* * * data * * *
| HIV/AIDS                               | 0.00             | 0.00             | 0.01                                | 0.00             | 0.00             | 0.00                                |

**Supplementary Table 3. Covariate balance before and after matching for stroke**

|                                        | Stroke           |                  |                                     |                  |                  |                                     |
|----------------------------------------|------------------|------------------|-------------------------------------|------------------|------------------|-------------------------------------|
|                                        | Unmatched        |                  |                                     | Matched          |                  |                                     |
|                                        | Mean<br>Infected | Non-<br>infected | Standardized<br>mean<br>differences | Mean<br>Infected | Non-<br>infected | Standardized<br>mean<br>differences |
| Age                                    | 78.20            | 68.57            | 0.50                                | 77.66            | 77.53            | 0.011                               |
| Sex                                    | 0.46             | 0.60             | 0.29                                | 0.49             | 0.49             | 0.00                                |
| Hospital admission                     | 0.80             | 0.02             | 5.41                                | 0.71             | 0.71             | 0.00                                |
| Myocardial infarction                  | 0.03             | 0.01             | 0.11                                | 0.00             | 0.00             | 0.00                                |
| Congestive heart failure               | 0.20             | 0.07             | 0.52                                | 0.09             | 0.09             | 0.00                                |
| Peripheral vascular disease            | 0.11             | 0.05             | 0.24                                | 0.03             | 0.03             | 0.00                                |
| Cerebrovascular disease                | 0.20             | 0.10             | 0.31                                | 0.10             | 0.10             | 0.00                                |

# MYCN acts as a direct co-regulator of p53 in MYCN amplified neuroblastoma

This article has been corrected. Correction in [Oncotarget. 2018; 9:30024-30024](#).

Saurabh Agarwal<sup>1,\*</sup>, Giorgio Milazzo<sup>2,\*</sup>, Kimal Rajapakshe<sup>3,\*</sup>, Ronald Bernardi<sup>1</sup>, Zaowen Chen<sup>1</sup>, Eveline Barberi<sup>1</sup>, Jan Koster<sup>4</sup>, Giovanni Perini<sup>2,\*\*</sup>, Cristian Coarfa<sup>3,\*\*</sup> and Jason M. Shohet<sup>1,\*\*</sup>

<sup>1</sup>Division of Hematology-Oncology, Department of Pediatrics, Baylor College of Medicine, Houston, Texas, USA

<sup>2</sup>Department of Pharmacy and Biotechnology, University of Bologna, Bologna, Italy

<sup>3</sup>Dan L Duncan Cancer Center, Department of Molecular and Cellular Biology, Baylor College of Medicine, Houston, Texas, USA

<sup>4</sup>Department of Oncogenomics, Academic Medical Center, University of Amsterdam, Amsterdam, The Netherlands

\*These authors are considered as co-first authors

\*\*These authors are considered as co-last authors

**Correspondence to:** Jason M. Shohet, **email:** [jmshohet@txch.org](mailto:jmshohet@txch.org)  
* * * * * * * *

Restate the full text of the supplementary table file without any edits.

| HIV/AIDS                               | 0.00             | 0.00             | 0.01                                | 0.00             | 0.00             | 0.00                                |

**Supplementary Table 3. Covariate balance before and after matching for stroke**

|                                        | Stroke           |                  |                                     |                  |                  |                                     |
|----------------------------------------|------------------|------------------|-------------------------------------|------------------|------------------|-------------------------------------|
|                                        | Unmatched        |                  |                                     | Matched          |                  |                                     |
|                                        | Mean<br>Infected | Non-<br>infected | Standardized<br>mean<br>differences | Mean<br>Infected | Non-<br>infected | Standardized<br>mean<br>differences |
| Age                                    | 78.20            | 68.57            | 0.50                                | 77.66            | 77.53            | 0.011                               |
| Sex                                    | 0.46             | 0.60             | 0.29                                | 0.49             | 0.49             | 0.00                                |
| Hospital admission                     | 0.80             | 0.02             | 5.41                                | 0.71             | 0.71             | 0.00                                |
| Myocardial infarction                  | 0.03             | 0.01             | 0.11                                | 0.00             | 0.00             | 0.00                                |
| Congestive heart failure               | 0.20             | 0.07             | 0.52                                | 0.09             | 0.09             | 0.00                                |
| Peripheral vascular disease            | 0.11             | 0.05             | 0.24                                | 0.03             | 0.03             | 0.00                                |
| Cerebrovascular disease                | 0.20             | 0.10             | 0.31                                | 0.10             | 0.10             | 0.00                                |

# MYCN acts as a direct co-regulator of p53 in MYCN amplified neuroblastoma

This article has been corrected. Correction in [Oncotarget. 2018; 9:30024-30024](#).

Saurabh Agarwal<sup>1,\*</sup>, Giorgio Milazzo<sup>2,\*</sup>, Kimal Rajapakshe<sup>3,\*</sup>, Ronald Bernardi<sup>1</sup>, Zaowen Chen<sup>1</sup>, Eveline Barberi<sup>1</sup>, Jan Koster<sup>4</sup>, Giovanni Perini<sup>2,\*\*</sup>, Cristian Coarfa<sup>3,\*\*</sup> and Jason M. Shohet<sup>1,\*\*</sup>

<sup>1</sup>Division of Hematology-Oncology, Department of Pediatrics, Baylor College of Medicine, Houston, Texas, USA

<sup>2</sup>Department of Pharmacy and Biotechnology, University of Bologna, Bologna, Italy

<sup>3</sup>Dan L Duncan Cancer Center, Department of Molecular and Cellular Biology, Baylor College of Medicine, Houston, Texas, USA

<sup>4</sup>Department of Oncogenomics, Academic Medical Center, University of Amsterdam, Amsterdam, The Netherlands

\*These authors are considered as co-first authors

\*\*These authors are considered as co-last authors

**Correspondence to:** Jason M. Shohet, **email:** [jmshohet@txch.org](mailto:jmshohet@txch.org)  